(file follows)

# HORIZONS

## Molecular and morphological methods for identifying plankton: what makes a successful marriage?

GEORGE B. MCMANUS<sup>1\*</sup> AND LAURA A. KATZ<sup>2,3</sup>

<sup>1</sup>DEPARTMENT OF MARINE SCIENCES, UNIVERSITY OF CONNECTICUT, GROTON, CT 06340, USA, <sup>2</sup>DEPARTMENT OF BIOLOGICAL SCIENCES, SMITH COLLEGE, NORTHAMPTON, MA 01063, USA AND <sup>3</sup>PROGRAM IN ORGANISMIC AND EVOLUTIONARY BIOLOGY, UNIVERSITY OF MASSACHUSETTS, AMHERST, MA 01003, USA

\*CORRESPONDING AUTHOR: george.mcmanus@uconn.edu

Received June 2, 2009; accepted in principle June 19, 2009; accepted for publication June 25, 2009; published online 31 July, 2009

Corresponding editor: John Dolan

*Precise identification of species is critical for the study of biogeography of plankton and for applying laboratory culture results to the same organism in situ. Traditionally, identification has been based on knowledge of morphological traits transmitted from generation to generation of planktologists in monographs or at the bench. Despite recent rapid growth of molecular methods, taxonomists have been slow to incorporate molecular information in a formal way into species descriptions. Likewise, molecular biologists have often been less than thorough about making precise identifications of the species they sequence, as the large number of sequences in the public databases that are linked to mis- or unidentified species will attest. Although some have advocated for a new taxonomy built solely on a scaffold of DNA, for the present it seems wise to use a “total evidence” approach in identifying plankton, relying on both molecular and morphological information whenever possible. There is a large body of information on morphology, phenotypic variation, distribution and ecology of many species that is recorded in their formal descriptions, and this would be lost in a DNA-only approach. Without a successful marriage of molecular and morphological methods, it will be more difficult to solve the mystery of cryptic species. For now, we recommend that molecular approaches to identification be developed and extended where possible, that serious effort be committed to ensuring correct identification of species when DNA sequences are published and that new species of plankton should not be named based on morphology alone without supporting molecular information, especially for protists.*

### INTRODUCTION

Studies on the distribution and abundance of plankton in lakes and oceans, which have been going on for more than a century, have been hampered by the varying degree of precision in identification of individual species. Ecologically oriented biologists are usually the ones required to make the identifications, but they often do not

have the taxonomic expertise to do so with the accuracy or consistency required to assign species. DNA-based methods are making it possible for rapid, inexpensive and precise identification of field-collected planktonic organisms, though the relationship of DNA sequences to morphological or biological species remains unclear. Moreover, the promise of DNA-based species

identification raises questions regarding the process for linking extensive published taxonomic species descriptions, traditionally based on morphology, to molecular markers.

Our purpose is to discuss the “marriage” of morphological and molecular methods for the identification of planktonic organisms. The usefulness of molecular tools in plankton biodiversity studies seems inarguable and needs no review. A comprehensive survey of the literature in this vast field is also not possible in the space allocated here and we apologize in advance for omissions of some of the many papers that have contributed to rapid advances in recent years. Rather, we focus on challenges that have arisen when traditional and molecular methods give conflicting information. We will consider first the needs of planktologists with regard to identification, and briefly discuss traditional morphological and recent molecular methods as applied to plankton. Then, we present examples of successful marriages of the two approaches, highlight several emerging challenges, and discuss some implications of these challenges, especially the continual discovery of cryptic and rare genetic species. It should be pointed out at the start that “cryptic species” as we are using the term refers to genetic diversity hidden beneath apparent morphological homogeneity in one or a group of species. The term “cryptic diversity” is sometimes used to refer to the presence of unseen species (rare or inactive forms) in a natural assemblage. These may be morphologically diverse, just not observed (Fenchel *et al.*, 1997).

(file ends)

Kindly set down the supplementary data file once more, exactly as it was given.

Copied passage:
# HORIZONS

## Molecular and morphological methods for identifying plankton: what makes a successful marriage?

GEORGE B. MCMANUS<sup>1\*</sup> AND LAURA A. KATZ<sup>2,3</sup>

<sup>1</sup>DEPARTMENT OF MARINE SCIENCES, UNIVERSITY OF CONNECTICUT, GROTON, CT 06340, USA, <sup>2</sup>DEPARTMENT OF BIOLOGICAL SCIENCES, SMITH COLLEGE, NORTHAMPTON, MA 01063, USA AND <sup>3</sup>PROGRAM IN ORGANISMIC AND EVOLUTIONARY BIOLOGY, UNIVERSITY OF MASSACHUSETTS, AMHERST, MA 01003, USA

\*CORRESPONDING AUTHOR: george.mcmanus@uconn.edu

Received June 2, 2009; accepted in principle June 19, 2009; accepted for publication June 25, 2009; published online 31 July, 2009

Corresponding editor: John Dolan

*Precise identification of species is critical for the study of biogeography of plankton and for applying laboratory culture results to the same organism in situ. Traditionally, identification has been based on knowledge of morphological traits transmitted from generation to generation of planktologists in monographs or at the bench. Despite recent rapid growth of molecular methods, taxonomists have been slow to incorporate molecular information in a formal way into species descriptions. Likewise, molecular biologists have often been less than thorough about making precise identifications of the species they sequence, as the large number of sequences in the public databases that are linked to mis- or unidentified species will attest. Although some have advocated for a new taxonomy built solely on a scaffold of DNA, for the present it seems wise to use a “total evidence” approach in identifying plankton, relying on both molecular and morphological information whenever possible. There is a large body of information on morphology, phenotypic variation, distribution and ecology of many species that is recorded in their formal descriptions, and this would be lost in a DNA-only approach. Without a successful marriage of molecular and morphological methods, it will be more difficult to solve the mystery of cryptic species. For now, we recommend that molecular approaches to identification be developed and extended where possible, that serious effort be committed to ensuring correct identification of species when DNA sequences are published and that new species of plankton should not be named based on morphology alone without supporting molecular information, especially for protists.*

### INTRODUCTION

Studies on the distribution and abundance of plankton in lakes and oceans, which have been going on for more than a century, have been hampered by the varying degree of precision in identification of individual species. Ecologically oriented biologists are usually the ones required to make the identifications, but they often do not

have the taxonomic expertise to do so with the accuracy or consistency required to assign species. DNA-based methods are making it possible for rapid, inexpensive and precise identification of field-collected planktonic organisms, though the relationship of DNA sequences to morphological or biological species remains unclear. Moreover, the promise of DNA-based species

identification raises questions regarding the process for linking extensive published taxonomic species descriptions, traditionally based on morphology, to molecular markers.

Our purpose is to discuss the “marriage” of morphological and molecular methods for the identification of planktonic organisms. The usefulness of molecular tools in plankton biodiversity studies seems inarguable and needs no review. A comprehensive survey of the literature in this vast field is also not possible in the space allocated here and we apologize in advance for omissions of some of the many papers that have contributed to rapid advances in recent years. Rather, we focus on challenges that have arisen when traditional and molecular methods give conflicting information. We will consider first the needs of planktologists with regard to identification, and briefly discuss traditional morphological and recent molecular methods as applied to plankton. Then, we present examples of successful marriages of the two approaches, highlight several emerging challenges, and discuss some implications of these challenges, especially the continual discovery of cryptic and rare genetic species. It should be pointed out at the start that “cryptic species” as we are using the term refers to genetic diversity hidden beneath apparent morphological homogeneity in one or a group of species. The term “cryptic diversity” is sometimes used to refer to the presence of unseen species (rare or inactive forms) in a natural assemblage. These may be morphologically diverse, just not observed (Fenchel *et al.*, 1997).